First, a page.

Measles hits distribution channel

fgwAs the measles crisis reaches dangerously high levels, a GP has spoken about under the table payments and the rush to get hold of single vaccines. Meanwhile, First Great Western is offering MMR injections to people under 25.

The now retired medical professional  also pointed out that research has both suffered and improved as a result as it is now far more regulated, while the “scare-mongering” has created a huge UK risk.

His comments come as Wales is currently experiencing an epidemic of measles. Last week the cases had risen by 73 to 693 in the Swansea area with professionals warning that the outbreak wouldn’t reach its peak for another four weeks.

The country is now furiously racing around trying to get as many teens vaccinated as possible.
First Great Western has also waded into the crisis, with reliable sources claiming the train company would be offering the vaccine to anyone under 25.

The government, which has been blamed for the outbreak, is now targeting schools and offering immunisations to 10 to 17 year olds – the age group likely to have missed out on being given the jab as a result of research released in the 1990s.

The study, carried out by now discredited Dr Andrew Wakefield’, linked the MMR jab to autism. However, after the initial hype died down, the Government, which initially backed these findings, and scientists, insisted that MMR was safe.

By this point the damage had already been done.

“The world went mad when the research about the vaccine came out all those years ago and the number of those choosing to get their children vaccinated fell rapidly,” the retired GP told ChannelEye.

“We went from packed waiting rooms to days when no one would show up, despite our reassurances that it was safe.

“Mums were running around trying to get the single inoculations, with some going as far as France to pick them up and paying GPs, maybe under the table, over here to administer them.
However, the children who didn’t have the jab are now suffering, as is a nation, which is now experiencing this outbreak.

The medical world, which has for so long backed research, is of course now more cautious about releasing research, which could have a knock on effect. Does it stifle innovation? Yes I suppose it does.

“On the flip side, it also shows research has to be carried out far more intensively before it potentially destroys communities.

“It was all scaremongering but people jumped on the bandwagon and that was that.”

However, one mum isn’t so sure, claiming her child “has never been the same” since the MMR jab.

“I don’t really talk about it because it upsets me, but he was never the same after that jab,” she said.

However, as many professionals have pointed out, the signs for autism do usually come out at around 12-18 months, the same time that the jab is traditionally given.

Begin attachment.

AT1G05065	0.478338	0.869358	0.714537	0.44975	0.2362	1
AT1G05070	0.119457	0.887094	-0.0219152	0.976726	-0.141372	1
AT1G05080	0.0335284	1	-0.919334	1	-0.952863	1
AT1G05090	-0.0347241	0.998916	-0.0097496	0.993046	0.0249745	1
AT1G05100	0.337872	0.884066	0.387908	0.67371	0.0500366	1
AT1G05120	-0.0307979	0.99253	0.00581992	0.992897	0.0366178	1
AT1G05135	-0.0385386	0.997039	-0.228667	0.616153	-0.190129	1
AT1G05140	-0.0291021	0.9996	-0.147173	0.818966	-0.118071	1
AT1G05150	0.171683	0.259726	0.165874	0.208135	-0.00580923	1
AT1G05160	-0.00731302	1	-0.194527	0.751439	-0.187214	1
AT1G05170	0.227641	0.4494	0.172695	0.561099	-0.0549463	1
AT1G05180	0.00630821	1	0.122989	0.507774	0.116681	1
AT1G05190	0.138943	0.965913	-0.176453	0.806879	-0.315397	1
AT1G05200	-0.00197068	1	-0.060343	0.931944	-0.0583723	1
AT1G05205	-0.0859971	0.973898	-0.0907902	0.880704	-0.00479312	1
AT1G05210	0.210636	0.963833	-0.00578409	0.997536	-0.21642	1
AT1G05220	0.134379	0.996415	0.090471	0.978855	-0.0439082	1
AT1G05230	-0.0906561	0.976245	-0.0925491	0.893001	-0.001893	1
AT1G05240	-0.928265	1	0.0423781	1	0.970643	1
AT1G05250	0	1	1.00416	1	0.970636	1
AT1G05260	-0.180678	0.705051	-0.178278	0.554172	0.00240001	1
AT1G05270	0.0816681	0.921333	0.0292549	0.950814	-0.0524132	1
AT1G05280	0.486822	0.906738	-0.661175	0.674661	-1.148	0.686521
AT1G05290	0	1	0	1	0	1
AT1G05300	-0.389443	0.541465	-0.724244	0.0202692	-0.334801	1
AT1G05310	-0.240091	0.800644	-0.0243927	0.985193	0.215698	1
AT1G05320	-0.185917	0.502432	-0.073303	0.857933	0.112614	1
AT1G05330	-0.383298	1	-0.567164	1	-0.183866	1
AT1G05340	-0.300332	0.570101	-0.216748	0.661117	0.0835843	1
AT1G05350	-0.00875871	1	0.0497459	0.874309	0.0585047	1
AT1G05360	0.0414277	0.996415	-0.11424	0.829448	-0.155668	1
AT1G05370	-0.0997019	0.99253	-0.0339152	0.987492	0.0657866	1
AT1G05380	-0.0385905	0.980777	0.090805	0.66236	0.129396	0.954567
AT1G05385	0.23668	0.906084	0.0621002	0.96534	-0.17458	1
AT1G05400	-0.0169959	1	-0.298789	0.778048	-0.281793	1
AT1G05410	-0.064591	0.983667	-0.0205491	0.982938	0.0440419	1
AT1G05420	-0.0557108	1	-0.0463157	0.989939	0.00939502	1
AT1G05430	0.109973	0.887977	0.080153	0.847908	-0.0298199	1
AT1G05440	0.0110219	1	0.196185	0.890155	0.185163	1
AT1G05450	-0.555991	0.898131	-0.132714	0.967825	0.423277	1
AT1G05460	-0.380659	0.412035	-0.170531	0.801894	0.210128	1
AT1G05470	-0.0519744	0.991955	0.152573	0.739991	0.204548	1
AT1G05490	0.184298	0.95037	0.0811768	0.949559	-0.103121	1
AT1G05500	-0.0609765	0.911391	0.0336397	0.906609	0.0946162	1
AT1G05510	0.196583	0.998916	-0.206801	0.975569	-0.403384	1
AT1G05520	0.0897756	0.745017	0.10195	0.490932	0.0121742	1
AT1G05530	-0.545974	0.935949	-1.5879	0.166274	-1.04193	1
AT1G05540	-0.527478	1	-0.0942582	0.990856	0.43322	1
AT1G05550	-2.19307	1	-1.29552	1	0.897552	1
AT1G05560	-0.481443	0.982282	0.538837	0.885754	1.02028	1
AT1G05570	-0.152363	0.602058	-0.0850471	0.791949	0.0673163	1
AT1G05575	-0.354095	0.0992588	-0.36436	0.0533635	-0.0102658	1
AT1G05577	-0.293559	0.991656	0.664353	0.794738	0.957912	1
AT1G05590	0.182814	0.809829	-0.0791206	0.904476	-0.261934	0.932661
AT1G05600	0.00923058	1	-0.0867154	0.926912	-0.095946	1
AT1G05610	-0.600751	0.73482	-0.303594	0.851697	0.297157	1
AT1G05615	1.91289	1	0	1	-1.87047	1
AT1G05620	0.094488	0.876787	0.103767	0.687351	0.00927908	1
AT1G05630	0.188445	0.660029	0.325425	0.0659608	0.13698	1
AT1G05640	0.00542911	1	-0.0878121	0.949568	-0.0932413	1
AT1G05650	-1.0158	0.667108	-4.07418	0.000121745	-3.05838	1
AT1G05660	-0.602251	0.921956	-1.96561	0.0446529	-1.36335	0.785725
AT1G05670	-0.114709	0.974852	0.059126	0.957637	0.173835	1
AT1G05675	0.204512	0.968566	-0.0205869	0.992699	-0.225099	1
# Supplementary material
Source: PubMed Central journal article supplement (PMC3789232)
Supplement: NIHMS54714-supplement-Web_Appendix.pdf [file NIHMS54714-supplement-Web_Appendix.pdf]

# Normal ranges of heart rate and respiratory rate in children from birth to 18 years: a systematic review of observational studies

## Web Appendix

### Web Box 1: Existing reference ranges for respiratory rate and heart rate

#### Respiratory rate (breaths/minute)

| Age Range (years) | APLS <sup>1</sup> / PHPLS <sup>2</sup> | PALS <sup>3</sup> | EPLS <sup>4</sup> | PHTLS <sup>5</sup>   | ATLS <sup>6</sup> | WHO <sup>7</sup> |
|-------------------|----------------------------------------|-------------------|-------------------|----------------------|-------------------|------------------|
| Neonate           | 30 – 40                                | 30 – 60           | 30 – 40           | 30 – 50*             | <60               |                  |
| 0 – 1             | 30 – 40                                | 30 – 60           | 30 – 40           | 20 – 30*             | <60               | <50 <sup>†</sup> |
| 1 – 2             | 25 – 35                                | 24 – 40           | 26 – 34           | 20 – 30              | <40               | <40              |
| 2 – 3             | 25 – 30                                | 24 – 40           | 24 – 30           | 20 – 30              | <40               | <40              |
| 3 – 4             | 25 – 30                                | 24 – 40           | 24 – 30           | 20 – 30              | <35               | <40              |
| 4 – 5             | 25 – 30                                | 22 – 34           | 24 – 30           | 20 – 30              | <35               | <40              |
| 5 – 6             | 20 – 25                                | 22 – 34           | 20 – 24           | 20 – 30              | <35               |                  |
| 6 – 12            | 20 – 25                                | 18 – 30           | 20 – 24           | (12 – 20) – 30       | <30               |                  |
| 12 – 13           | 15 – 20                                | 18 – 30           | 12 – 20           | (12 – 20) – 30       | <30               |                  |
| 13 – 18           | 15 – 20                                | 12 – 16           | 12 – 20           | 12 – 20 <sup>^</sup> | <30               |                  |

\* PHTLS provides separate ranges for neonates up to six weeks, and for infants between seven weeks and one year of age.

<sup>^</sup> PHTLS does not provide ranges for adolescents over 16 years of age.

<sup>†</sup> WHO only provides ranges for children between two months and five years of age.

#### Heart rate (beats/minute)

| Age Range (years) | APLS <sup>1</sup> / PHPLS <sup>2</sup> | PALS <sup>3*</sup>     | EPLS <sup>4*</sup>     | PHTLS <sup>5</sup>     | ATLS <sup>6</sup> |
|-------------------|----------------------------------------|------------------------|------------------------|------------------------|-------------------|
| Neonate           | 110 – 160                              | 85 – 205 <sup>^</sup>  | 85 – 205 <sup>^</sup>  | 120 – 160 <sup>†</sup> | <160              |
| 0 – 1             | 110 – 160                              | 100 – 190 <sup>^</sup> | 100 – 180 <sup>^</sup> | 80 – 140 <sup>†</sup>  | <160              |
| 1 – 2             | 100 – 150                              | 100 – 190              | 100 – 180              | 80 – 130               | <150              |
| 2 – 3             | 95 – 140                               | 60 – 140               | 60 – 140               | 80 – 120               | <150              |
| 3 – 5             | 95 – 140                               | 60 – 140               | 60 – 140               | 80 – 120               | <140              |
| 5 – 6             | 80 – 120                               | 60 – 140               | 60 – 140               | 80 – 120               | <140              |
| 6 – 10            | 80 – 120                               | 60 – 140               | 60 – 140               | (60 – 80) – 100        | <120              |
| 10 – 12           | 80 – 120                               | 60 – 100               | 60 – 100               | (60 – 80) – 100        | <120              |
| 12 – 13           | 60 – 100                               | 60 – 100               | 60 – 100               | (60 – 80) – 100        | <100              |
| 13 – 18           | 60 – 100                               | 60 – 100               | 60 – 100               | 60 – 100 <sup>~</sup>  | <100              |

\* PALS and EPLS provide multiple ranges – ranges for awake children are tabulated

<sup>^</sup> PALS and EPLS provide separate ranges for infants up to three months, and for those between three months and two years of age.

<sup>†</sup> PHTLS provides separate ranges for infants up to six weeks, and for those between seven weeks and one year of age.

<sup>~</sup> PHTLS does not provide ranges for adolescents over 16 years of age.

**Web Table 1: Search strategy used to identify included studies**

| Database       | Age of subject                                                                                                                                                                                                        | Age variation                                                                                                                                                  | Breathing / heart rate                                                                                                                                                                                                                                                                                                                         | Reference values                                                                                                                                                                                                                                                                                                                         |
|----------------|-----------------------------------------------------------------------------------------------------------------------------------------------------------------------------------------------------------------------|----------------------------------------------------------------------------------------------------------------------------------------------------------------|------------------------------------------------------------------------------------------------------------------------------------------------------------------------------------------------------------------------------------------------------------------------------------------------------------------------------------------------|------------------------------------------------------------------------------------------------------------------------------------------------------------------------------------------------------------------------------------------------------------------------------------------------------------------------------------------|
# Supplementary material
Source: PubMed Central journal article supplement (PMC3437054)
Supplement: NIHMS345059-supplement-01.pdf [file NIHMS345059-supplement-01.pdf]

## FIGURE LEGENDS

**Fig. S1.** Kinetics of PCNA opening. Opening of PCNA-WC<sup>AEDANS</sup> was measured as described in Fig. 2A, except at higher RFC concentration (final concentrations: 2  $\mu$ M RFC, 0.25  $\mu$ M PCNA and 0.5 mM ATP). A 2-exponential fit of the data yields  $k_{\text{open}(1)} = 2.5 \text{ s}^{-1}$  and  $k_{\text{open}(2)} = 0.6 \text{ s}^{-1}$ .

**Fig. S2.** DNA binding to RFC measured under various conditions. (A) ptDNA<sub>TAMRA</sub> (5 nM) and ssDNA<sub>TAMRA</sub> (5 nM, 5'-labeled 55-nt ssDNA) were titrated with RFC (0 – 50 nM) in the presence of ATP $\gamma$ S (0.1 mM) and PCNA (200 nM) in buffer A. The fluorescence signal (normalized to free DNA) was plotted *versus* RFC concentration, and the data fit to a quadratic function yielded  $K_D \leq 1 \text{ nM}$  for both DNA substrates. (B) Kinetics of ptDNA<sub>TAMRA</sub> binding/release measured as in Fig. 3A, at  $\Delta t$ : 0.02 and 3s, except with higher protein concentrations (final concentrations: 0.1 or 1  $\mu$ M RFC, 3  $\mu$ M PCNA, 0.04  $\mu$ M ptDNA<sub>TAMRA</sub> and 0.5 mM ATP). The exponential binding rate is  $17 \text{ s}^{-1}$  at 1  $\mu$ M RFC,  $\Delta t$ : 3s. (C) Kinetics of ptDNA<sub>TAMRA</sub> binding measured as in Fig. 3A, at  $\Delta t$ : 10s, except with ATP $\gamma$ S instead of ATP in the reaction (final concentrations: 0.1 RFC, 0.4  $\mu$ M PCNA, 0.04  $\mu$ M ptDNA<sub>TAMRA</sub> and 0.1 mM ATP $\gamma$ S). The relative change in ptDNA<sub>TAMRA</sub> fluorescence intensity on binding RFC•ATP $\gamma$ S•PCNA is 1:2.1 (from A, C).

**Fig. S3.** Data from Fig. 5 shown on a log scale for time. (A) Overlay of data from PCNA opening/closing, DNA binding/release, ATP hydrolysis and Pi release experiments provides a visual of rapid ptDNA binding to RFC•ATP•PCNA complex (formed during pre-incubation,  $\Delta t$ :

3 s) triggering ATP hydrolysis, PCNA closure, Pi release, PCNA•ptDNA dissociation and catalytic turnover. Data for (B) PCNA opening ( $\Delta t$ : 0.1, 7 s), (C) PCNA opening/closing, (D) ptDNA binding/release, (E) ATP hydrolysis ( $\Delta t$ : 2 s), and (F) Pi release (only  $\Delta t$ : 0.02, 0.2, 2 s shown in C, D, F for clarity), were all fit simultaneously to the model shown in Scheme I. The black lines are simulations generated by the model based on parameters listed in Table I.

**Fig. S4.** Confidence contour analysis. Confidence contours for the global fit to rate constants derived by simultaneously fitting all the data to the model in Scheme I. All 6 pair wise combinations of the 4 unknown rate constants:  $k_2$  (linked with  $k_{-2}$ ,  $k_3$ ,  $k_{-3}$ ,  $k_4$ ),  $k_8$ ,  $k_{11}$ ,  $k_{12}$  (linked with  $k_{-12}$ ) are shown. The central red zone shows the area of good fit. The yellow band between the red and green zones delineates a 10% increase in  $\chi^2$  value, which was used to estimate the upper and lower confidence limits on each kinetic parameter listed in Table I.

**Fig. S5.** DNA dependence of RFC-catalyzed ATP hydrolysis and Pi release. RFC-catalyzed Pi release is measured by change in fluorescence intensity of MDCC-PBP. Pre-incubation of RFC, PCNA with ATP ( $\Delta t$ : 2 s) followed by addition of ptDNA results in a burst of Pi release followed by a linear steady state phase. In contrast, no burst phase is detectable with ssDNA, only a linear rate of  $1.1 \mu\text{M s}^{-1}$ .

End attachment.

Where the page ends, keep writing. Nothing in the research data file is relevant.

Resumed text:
Telcos reap rewards in Latin America

nationalcongressWhile us Brits may shake our fists cursing at the telecom industry at large – swearing one day we’ll move to GiffGaff – in Latin America, telecoms is doing a world of good economically and socially, at least according to a report from industry analyst Ovum.

Ovum which has joined AHCIET to publish the AHCIET-Ovum Observatory of Telecoms Indicators in Latin America – or AOOTILA for short. As much of the world sank into economic doldrums in 2008, from then up to 2011 there has been overall growth in fixed and mobile internet connections by 72 and 41 percent respectively, according to the report.

Jobs, too, have enjoyed significant growth throughout the region. Workers employed by operators have increased by almost 60 percent – marking almost a quarter of a million jobs. Brazil and Nicaragua saw their telco workforce double, and Guetamala almost managed the same.

Telecom companies are increasing their capital investment – at roughly 28 percent overall- because they’re focusing on deploying access infrastructure. Without the correct infrastructure they are missing a trick on selling digital services, so it’s in their best interest.

In 2009, a year on from the onset of the global recession, Ovum noted that growing demand for fixed and mobile broadband has meant continuously strong investment – while capex grew by 28 percent on average to pass $22 trillion in 2011. Falling prices of entry level tariffs are helping to boost connectivity, too.

AHCIET secretary general Pablo Bello said that telcos are emerging in their influence and they do have a role to play in tackling poverty.

“It is time for countries to seriously consider how much faster we could close the digital divide and remove the regulatory moorings that are still hindering telecoms growth and equitable access to advanced services,” Bello said. “Our hard data shows that countries which have made the most progress are those where key players recognise the need for public-private cooperation with convergent public policies, regulations and taxation that encourage investment”.

“There are no magic spells to close the digital divide,” Bello said. “The key is to invest intensively in next-generation access networks and to educate on the sophisticated uses of digital connectivity, a challenge facing all participants”.

Sophos axes jobs

axeSophos is rumoured to be grinding the axe for another round of job cuts.

According to The Next Web around 150 people will be handed their pink slips as the company moves to restructure and focus on its highest growing and strategic business arms.